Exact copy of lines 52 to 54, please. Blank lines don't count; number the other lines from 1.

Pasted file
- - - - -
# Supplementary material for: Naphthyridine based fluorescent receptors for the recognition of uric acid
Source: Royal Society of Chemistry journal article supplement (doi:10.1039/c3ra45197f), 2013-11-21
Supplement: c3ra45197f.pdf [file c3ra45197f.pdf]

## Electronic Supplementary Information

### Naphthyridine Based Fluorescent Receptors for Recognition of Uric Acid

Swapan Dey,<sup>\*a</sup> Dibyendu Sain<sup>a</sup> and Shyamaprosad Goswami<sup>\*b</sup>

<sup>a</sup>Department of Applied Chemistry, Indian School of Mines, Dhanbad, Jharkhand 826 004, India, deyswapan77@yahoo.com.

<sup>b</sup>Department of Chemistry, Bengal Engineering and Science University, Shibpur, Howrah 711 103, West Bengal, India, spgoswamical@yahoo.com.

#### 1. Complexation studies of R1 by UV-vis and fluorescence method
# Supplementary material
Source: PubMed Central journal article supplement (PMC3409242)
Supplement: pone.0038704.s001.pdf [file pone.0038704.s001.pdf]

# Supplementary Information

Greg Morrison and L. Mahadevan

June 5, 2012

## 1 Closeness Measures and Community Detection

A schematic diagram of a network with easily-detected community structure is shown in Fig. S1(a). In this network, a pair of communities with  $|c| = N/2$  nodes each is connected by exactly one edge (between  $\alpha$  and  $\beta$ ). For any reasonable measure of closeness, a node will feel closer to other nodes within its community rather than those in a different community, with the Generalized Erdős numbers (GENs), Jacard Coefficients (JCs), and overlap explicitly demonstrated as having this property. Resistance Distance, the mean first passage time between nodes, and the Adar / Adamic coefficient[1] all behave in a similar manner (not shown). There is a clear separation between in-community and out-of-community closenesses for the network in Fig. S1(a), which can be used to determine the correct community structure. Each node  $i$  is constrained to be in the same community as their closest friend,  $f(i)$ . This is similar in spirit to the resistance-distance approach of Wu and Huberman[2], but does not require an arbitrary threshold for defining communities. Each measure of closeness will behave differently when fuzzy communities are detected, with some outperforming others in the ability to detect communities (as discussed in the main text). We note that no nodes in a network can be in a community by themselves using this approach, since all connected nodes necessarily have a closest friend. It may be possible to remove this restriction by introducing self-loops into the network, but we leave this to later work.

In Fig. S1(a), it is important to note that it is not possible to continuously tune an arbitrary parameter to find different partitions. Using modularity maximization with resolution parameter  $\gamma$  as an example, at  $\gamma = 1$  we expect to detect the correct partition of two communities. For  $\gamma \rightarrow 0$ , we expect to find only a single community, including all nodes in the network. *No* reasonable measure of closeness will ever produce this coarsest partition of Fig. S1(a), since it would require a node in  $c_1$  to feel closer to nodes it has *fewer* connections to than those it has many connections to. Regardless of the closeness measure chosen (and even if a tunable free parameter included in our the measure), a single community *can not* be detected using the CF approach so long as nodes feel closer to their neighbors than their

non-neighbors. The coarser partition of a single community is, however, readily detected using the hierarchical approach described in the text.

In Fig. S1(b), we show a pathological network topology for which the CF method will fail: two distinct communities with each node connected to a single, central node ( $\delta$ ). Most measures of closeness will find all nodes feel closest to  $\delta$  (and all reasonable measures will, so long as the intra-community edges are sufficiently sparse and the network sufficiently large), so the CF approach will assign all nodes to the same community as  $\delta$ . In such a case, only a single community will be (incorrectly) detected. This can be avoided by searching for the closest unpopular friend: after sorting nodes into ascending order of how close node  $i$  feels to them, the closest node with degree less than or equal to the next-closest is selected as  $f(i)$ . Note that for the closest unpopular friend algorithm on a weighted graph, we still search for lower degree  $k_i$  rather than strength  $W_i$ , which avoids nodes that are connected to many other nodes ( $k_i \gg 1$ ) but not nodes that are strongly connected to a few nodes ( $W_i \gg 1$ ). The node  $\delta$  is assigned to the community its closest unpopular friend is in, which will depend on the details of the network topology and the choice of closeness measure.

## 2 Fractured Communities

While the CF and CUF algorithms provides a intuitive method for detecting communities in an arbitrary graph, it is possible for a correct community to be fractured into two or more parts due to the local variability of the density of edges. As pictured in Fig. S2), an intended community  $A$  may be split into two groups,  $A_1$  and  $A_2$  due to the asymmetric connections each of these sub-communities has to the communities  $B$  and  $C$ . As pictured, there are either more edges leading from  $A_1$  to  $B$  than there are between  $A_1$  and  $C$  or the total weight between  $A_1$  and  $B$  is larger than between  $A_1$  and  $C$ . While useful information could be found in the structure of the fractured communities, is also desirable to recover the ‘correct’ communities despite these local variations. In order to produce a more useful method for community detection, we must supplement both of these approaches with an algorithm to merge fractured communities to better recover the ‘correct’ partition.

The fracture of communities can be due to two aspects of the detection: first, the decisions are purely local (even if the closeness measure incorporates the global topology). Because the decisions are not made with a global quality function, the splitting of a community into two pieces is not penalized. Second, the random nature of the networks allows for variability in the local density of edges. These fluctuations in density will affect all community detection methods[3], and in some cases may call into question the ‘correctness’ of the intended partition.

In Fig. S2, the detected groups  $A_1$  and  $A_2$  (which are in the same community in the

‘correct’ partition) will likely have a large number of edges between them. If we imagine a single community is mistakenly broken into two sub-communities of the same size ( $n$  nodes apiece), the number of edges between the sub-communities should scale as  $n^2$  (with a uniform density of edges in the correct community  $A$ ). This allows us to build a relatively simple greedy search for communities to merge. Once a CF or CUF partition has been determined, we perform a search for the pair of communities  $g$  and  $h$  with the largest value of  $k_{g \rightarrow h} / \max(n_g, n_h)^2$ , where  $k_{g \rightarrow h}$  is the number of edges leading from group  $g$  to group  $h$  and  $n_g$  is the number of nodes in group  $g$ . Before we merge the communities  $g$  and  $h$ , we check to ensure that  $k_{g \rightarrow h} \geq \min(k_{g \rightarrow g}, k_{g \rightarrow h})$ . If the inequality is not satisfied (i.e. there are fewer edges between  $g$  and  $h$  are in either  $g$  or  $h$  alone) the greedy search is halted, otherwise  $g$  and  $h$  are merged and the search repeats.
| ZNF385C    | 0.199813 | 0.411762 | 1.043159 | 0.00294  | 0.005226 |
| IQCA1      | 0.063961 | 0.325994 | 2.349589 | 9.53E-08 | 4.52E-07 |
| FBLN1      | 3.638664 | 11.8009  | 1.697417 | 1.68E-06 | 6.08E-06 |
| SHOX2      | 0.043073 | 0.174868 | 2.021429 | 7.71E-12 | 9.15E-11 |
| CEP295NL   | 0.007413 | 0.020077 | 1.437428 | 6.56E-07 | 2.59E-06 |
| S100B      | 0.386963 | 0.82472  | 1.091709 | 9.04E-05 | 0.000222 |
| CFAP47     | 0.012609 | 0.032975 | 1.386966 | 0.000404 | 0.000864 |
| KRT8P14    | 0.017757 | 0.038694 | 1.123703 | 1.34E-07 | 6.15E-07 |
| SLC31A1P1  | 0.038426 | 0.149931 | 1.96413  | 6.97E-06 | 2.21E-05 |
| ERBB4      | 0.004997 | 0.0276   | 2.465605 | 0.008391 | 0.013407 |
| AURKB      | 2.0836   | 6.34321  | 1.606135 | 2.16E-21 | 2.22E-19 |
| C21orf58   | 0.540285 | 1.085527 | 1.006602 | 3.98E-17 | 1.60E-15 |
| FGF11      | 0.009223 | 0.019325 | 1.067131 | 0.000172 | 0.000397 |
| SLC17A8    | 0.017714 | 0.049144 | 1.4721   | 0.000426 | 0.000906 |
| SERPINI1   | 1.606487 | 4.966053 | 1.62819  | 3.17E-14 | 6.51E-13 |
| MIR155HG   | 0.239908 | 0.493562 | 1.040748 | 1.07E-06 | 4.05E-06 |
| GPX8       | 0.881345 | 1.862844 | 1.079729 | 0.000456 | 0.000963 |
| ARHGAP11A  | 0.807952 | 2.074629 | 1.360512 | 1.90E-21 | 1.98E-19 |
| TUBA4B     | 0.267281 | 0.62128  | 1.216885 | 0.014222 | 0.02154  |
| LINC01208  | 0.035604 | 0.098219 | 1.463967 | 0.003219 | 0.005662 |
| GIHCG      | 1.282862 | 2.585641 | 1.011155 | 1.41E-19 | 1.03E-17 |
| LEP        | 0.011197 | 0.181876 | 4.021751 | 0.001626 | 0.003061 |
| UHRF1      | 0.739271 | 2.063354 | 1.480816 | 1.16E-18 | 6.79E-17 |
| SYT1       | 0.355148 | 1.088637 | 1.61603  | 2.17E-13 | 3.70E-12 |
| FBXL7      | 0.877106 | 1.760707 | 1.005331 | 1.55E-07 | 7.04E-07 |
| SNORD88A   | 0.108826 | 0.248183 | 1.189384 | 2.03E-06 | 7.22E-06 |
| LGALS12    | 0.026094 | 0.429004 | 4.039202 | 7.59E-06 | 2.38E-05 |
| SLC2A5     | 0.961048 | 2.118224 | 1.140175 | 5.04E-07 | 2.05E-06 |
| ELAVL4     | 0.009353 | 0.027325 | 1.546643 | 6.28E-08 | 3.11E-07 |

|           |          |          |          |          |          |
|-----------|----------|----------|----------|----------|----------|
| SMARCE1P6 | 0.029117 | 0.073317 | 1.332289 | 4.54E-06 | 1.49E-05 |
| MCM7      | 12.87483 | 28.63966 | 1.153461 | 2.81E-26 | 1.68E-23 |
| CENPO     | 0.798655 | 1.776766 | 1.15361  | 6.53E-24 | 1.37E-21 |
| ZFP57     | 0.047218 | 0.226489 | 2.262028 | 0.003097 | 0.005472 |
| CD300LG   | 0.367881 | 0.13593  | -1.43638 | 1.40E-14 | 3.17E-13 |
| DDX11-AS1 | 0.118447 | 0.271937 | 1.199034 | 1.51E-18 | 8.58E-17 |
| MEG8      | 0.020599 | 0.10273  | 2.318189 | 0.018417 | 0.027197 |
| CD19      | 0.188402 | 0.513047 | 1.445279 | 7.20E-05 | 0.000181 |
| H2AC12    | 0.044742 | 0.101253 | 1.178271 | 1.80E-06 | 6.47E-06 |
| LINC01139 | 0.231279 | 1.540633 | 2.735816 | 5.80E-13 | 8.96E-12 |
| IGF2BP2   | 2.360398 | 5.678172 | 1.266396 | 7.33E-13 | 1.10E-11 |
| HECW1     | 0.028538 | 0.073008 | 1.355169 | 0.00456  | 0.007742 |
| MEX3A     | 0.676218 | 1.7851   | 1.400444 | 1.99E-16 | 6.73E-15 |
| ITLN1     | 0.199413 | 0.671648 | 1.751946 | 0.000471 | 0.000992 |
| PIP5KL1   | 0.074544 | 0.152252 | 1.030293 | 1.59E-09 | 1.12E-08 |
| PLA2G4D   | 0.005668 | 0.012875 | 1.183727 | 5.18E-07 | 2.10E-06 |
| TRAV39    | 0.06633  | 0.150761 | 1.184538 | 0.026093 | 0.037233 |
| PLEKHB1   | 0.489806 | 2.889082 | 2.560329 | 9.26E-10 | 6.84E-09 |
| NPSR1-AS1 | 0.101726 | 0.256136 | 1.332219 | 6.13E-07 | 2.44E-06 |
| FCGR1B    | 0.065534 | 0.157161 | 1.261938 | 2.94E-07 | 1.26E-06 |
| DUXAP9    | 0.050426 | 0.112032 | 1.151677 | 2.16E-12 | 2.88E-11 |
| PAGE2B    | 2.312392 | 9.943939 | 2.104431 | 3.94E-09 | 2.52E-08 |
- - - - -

| LGALS12    | 0.026094 | 0.429004 | 4.039202 | 7.59E-06 | 2.38E-05 |
| SLC2A5     | 0.961048 | 2.118224 | 1.140175 | 5.04E-07 | 2.05E-06 |
| ELAVL4     | 0.009353 | 0.027325 | 1.546643 | 6.28E-08 | 3.11E-07 |